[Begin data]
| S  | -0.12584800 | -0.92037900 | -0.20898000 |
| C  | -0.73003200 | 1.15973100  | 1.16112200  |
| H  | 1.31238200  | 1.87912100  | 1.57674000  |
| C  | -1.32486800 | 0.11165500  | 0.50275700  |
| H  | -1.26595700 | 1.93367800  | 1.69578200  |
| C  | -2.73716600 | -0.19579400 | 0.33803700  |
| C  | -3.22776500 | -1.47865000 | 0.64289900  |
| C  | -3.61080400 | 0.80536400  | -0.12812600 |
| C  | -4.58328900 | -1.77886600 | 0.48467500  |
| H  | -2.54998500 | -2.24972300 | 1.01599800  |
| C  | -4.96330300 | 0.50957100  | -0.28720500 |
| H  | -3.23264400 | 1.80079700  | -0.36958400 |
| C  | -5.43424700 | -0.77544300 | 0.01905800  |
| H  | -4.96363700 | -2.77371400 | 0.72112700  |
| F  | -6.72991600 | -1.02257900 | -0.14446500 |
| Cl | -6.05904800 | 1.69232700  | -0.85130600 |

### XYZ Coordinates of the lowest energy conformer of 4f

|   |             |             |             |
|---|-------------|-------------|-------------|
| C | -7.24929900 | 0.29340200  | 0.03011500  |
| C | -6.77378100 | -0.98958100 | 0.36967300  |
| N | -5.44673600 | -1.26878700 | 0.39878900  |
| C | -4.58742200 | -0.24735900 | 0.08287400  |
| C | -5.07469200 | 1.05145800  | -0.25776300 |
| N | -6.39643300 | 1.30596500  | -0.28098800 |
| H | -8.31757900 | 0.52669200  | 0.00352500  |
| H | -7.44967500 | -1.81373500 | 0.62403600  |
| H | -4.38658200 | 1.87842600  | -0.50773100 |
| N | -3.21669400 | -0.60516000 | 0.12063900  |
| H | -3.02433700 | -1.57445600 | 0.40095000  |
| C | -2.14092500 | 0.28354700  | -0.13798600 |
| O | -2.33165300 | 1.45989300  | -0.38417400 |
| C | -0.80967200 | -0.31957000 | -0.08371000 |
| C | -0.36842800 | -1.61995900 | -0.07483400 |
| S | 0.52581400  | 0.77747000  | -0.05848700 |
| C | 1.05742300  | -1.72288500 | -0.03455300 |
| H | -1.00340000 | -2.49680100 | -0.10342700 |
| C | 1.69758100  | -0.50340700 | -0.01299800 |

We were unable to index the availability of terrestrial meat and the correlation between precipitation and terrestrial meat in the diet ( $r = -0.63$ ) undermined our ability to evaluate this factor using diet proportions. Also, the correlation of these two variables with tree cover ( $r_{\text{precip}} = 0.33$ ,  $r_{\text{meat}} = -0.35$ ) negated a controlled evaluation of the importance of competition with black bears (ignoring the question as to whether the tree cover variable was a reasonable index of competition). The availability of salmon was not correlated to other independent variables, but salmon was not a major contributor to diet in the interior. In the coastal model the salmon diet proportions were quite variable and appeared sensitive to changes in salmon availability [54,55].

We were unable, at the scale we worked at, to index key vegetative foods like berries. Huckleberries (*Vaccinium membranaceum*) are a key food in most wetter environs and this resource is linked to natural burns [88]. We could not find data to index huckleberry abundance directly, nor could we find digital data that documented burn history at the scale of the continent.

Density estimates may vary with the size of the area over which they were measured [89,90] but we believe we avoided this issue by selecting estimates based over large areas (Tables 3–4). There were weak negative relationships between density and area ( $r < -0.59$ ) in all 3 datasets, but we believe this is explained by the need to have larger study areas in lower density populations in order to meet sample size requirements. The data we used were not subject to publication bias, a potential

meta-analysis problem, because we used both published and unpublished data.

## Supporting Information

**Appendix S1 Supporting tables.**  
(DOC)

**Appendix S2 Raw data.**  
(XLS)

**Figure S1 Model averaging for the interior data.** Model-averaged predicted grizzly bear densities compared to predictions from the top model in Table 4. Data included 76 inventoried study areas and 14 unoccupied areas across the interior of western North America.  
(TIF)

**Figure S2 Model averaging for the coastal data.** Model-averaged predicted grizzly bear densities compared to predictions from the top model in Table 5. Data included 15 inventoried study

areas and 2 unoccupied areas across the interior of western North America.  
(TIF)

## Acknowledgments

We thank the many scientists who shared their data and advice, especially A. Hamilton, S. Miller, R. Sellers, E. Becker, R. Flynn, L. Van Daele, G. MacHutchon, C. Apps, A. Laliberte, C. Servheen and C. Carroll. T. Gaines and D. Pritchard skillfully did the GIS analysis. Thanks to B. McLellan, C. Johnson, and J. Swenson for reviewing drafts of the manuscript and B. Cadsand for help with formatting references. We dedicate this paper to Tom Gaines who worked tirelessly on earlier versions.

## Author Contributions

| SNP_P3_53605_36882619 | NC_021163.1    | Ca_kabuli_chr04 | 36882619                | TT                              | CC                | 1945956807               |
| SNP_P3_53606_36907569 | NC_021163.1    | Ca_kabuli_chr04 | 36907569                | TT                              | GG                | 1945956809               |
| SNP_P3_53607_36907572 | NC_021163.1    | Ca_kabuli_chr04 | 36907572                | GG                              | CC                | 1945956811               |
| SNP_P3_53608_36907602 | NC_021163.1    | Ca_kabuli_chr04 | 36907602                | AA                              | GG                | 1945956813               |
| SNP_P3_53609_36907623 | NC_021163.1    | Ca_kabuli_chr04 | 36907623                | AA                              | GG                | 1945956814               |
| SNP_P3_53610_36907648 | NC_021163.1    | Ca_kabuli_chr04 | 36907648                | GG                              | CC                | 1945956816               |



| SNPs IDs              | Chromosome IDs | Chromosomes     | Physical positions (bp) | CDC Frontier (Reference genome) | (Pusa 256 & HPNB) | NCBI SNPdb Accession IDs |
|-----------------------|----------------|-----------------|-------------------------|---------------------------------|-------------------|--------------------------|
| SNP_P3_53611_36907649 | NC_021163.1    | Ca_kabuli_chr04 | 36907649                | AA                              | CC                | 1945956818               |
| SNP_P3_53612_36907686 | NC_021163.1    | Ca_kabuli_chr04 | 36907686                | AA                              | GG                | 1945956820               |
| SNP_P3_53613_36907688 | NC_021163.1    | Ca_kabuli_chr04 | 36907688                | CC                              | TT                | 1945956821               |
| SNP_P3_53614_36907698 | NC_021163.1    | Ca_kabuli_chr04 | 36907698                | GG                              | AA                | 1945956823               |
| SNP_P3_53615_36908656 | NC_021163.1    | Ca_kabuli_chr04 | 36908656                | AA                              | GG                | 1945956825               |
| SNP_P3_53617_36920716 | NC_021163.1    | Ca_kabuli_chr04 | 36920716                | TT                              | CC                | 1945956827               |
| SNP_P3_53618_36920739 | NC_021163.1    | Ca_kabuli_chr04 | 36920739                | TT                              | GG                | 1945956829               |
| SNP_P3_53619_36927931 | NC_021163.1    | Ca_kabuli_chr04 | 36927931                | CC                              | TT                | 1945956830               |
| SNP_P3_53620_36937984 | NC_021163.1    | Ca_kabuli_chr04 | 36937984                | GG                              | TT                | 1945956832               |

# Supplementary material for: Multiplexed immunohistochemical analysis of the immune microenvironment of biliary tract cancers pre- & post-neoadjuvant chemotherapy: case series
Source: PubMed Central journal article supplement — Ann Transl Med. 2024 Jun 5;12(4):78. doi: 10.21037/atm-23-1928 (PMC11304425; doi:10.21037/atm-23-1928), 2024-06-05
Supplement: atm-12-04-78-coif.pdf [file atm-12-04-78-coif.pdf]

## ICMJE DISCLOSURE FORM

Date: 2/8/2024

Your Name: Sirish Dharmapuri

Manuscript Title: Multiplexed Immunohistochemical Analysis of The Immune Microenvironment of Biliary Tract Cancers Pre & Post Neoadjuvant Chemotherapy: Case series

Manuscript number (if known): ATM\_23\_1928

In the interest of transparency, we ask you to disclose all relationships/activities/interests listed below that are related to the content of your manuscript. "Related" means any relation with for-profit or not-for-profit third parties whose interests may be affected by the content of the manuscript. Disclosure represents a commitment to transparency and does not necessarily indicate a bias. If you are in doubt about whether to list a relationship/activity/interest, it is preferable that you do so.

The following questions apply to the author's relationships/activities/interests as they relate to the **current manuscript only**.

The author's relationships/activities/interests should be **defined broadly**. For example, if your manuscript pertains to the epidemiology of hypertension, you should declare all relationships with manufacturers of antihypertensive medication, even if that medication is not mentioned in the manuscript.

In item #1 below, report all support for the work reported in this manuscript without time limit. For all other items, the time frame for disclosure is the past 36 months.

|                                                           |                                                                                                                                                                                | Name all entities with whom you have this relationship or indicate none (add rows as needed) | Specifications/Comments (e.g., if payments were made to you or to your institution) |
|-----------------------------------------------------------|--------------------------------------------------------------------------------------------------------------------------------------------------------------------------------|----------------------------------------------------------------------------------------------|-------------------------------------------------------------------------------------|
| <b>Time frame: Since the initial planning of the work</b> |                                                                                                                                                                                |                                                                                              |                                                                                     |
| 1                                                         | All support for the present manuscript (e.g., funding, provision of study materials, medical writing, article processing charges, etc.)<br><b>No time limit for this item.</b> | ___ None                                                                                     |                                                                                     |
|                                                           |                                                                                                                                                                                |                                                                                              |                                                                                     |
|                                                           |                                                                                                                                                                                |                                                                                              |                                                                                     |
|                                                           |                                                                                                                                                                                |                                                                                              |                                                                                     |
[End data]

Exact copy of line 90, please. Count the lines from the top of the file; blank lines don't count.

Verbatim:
|                                                           |                                                                                                                                                                                |                                                                                              |                                                                                     |